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Monthly Archives: March 2012

Java Classloader tips

This post is not trying to exhaustively describe classloaders. I merely intend to give some hints about use of classloaders and traps to avoid.

1. Introduction

A Classloader is responsible for loading the code for a class based on its name. The mechanism for loading a class depends on the context. In Java, linking is dynamic: java bytecode contains references to other classes, methods and fields by name. The address pointers are determined at class loading time.

In a simple java process you will find the following classloaders:

– The Bootstrap classloader: Loads the classes from the JDK. As those classes do not change, the Classloader can cache the result of dynamic linking to ensure a faster startup time of the JVM.

– The Application classloader: It loads classes by looking up directories and jars defined in the classpath. The first class encountered wins. Having multiple times the same class name (but a different version) on the classpath can have unexpected side effects. A typical issue is resolving dependency conflicts when compiling against third party jars, which often involves replacing a version of a jar by a “compatible” one. If the signature of a class differs at runtime you may experience various Errors (not Exceptions). These errors will happen only when the classes are used an loaded, so the problem may not show up until you reach the code path depending on it.

2. Classloader Delegation

In a given Java process, the classloaders are organized in a hierarchy. Each classloader has a parent and the bootstrap classloader is the root of the tree. When attempting to load a class a classloader is supposed to first delegate to its parent (recursively until the root) and if the parent can not load the class will use its own mechanism to load it. However this is just a convention and a given implementation can choose to not delegate to the parent first. In that case the class loaded by the parent would be hidden. For example the WebapplicationClassloader in Tomcat looks up for classes in the webapp first. It also forbids loading sevlet.jar in the webapp itself as this would prevent the webapp from working. The advantage is that webapps can use a different versions of a given library than the container itself.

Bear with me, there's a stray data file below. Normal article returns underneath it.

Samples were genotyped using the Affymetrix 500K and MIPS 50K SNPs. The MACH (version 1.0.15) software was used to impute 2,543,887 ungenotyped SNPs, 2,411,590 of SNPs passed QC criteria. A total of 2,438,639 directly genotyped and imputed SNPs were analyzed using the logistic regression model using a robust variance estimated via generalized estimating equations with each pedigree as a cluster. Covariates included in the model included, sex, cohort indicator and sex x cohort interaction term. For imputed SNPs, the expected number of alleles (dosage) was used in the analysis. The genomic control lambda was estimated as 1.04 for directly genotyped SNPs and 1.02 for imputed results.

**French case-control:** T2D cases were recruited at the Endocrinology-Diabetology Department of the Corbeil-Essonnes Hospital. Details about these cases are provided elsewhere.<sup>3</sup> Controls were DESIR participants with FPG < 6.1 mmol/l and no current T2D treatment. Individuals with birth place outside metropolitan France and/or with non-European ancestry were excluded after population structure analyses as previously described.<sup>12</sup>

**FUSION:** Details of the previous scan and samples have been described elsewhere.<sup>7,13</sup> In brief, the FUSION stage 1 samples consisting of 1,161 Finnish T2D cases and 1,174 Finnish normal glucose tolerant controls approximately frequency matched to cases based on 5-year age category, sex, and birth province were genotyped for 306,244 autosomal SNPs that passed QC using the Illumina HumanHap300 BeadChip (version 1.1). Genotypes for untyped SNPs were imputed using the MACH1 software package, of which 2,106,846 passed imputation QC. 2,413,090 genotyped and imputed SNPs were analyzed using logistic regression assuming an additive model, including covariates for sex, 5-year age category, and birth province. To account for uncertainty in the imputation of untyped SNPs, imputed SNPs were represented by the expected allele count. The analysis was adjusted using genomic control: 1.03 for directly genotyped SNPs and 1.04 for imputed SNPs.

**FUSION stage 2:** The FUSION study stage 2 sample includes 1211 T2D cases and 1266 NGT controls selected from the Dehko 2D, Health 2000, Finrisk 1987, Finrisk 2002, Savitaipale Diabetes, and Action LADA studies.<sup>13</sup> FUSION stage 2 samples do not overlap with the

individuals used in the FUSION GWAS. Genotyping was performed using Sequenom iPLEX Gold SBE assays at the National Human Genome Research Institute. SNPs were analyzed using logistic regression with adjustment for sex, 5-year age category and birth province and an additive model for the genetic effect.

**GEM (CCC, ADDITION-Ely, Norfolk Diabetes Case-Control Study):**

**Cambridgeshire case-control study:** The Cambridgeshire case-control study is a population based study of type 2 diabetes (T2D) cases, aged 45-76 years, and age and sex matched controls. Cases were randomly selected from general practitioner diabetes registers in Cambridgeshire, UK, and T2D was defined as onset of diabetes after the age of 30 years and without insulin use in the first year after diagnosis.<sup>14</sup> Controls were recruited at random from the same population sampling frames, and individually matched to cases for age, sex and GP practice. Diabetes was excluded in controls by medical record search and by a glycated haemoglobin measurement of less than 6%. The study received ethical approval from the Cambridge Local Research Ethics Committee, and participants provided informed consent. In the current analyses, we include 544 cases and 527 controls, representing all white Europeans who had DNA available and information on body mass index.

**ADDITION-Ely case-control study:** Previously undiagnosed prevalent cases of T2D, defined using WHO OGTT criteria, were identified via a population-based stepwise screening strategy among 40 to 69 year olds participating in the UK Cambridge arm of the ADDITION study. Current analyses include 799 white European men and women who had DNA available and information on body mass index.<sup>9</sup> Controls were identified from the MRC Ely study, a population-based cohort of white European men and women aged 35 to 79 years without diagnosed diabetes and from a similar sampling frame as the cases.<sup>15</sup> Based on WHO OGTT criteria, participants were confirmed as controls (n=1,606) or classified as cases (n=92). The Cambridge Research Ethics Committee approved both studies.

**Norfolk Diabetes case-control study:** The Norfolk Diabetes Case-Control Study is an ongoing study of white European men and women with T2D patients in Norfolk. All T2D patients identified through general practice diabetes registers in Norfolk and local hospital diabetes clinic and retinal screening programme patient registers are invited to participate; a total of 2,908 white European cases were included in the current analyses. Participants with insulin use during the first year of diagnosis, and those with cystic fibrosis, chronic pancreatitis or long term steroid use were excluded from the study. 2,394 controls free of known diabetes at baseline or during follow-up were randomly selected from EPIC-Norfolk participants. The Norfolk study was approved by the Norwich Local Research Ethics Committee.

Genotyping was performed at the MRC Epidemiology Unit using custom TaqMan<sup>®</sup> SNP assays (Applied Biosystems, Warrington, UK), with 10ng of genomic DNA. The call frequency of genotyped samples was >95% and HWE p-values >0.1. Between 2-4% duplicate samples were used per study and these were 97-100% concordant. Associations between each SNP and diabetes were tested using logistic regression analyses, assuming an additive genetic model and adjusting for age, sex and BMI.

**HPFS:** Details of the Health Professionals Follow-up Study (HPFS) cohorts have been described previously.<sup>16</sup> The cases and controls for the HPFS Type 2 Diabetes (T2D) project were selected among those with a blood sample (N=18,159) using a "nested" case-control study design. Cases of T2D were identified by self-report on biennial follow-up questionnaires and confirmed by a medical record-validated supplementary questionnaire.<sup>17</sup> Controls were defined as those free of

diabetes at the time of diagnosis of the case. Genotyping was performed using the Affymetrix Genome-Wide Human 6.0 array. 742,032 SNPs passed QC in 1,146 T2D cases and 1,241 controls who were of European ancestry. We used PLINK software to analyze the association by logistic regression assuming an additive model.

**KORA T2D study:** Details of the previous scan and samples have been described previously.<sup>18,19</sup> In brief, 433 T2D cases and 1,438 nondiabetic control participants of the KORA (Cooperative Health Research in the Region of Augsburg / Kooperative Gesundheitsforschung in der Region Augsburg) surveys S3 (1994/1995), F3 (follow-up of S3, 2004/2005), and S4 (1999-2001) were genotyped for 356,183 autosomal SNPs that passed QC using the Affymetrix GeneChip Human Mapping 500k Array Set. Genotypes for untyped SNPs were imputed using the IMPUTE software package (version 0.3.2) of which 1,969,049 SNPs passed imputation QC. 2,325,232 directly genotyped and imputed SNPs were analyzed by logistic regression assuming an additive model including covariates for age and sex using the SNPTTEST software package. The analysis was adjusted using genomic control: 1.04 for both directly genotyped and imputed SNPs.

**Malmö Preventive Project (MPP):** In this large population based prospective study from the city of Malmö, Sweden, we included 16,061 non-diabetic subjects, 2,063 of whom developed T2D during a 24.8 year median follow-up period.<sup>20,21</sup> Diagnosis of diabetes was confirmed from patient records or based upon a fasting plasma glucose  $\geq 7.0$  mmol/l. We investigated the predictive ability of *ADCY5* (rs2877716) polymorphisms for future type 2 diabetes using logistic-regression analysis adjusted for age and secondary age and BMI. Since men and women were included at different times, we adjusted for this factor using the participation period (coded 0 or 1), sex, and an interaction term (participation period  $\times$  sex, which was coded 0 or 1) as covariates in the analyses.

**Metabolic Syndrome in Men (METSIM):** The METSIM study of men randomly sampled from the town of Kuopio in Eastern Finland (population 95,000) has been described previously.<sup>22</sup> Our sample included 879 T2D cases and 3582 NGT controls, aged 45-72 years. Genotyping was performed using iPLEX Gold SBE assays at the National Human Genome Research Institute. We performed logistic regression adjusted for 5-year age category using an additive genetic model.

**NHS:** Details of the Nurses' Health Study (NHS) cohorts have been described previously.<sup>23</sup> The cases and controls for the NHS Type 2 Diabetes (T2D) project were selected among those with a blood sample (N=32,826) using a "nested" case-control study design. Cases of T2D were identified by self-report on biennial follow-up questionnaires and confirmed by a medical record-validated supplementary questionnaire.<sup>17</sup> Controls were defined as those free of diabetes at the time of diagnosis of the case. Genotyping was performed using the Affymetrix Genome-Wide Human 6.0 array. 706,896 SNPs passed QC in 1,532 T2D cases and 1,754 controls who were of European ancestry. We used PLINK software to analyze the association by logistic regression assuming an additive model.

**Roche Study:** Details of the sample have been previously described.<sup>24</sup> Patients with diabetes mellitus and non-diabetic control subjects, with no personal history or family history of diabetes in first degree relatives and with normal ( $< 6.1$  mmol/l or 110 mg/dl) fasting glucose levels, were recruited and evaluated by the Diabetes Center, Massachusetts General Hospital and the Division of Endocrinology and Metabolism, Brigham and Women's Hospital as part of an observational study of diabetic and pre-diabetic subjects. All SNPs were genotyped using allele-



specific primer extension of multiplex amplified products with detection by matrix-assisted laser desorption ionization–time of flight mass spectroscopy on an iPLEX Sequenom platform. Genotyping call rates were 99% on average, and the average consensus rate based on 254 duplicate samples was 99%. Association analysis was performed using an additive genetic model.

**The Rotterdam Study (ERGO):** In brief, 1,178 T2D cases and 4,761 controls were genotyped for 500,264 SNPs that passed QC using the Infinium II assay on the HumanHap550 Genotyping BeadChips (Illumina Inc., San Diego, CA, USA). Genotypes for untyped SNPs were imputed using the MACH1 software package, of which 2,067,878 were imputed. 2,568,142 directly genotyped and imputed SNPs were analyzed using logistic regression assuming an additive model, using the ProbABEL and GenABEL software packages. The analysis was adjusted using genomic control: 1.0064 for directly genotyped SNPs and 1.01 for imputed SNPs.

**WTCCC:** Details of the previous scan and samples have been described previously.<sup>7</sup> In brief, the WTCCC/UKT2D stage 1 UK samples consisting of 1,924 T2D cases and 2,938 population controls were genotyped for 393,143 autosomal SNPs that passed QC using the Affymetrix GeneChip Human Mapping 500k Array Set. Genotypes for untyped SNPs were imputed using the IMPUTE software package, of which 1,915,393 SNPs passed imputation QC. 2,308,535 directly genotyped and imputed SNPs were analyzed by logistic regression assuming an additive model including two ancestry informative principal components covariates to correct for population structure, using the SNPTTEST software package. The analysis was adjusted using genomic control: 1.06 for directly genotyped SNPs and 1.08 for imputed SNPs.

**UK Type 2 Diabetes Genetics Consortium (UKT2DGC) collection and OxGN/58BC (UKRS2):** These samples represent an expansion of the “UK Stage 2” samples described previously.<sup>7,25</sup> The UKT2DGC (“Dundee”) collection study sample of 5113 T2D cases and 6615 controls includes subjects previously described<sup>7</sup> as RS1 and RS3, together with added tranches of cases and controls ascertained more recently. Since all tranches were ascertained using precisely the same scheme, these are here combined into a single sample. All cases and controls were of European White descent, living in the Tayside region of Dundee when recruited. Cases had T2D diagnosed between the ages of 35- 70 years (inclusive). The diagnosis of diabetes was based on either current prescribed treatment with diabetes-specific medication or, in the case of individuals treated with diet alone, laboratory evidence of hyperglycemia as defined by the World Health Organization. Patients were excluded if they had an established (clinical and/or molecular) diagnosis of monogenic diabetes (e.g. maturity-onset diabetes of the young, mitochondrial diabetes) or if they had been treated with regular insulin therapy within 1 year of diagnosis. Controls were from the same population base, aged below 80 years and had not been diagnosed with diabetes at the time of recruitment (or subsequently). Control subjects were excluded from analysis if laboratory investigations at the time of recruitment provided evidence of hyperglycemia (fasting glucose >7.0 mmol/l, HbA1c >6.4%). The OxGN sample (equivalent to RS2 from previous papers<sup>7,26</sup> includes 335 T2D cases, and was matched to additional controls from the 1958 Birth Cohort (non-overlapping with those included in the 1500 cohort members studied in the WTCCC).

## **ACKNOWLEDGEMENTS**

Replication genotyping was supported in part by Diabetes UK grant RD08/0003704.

3. Class loading

– Implicit: The dependencies of a class will be loaded by the same classloader that loaded the dependent class, by the same mechanism used with Class.forName(className). If the version of those compile time dependencies is different and not binary compatible from the one used during compilation a runtime error is raised.

– Explicit: The other way of loading classes is to explicitly call a Classloader.loadClass(className). Note that to initialize instances of such classes you need to use reflection, typically using Class.newInstance(). All their dependencies will be loaded implicitly by the same classloader. Usually, classes loaded dynamically extend a class or interface in the parent classloader so that they can be called by the classes in the parent classloader.

– Deserialization: The java serialization format contains the class names along with the data. When deserializing classes will be looked-up in the current classloader. If you serialize instances of classes loaded dynamically, you need to explicitly override the class look-up mechanism in ObjectInputStream.resolveClass(ObjectStreamClass desc).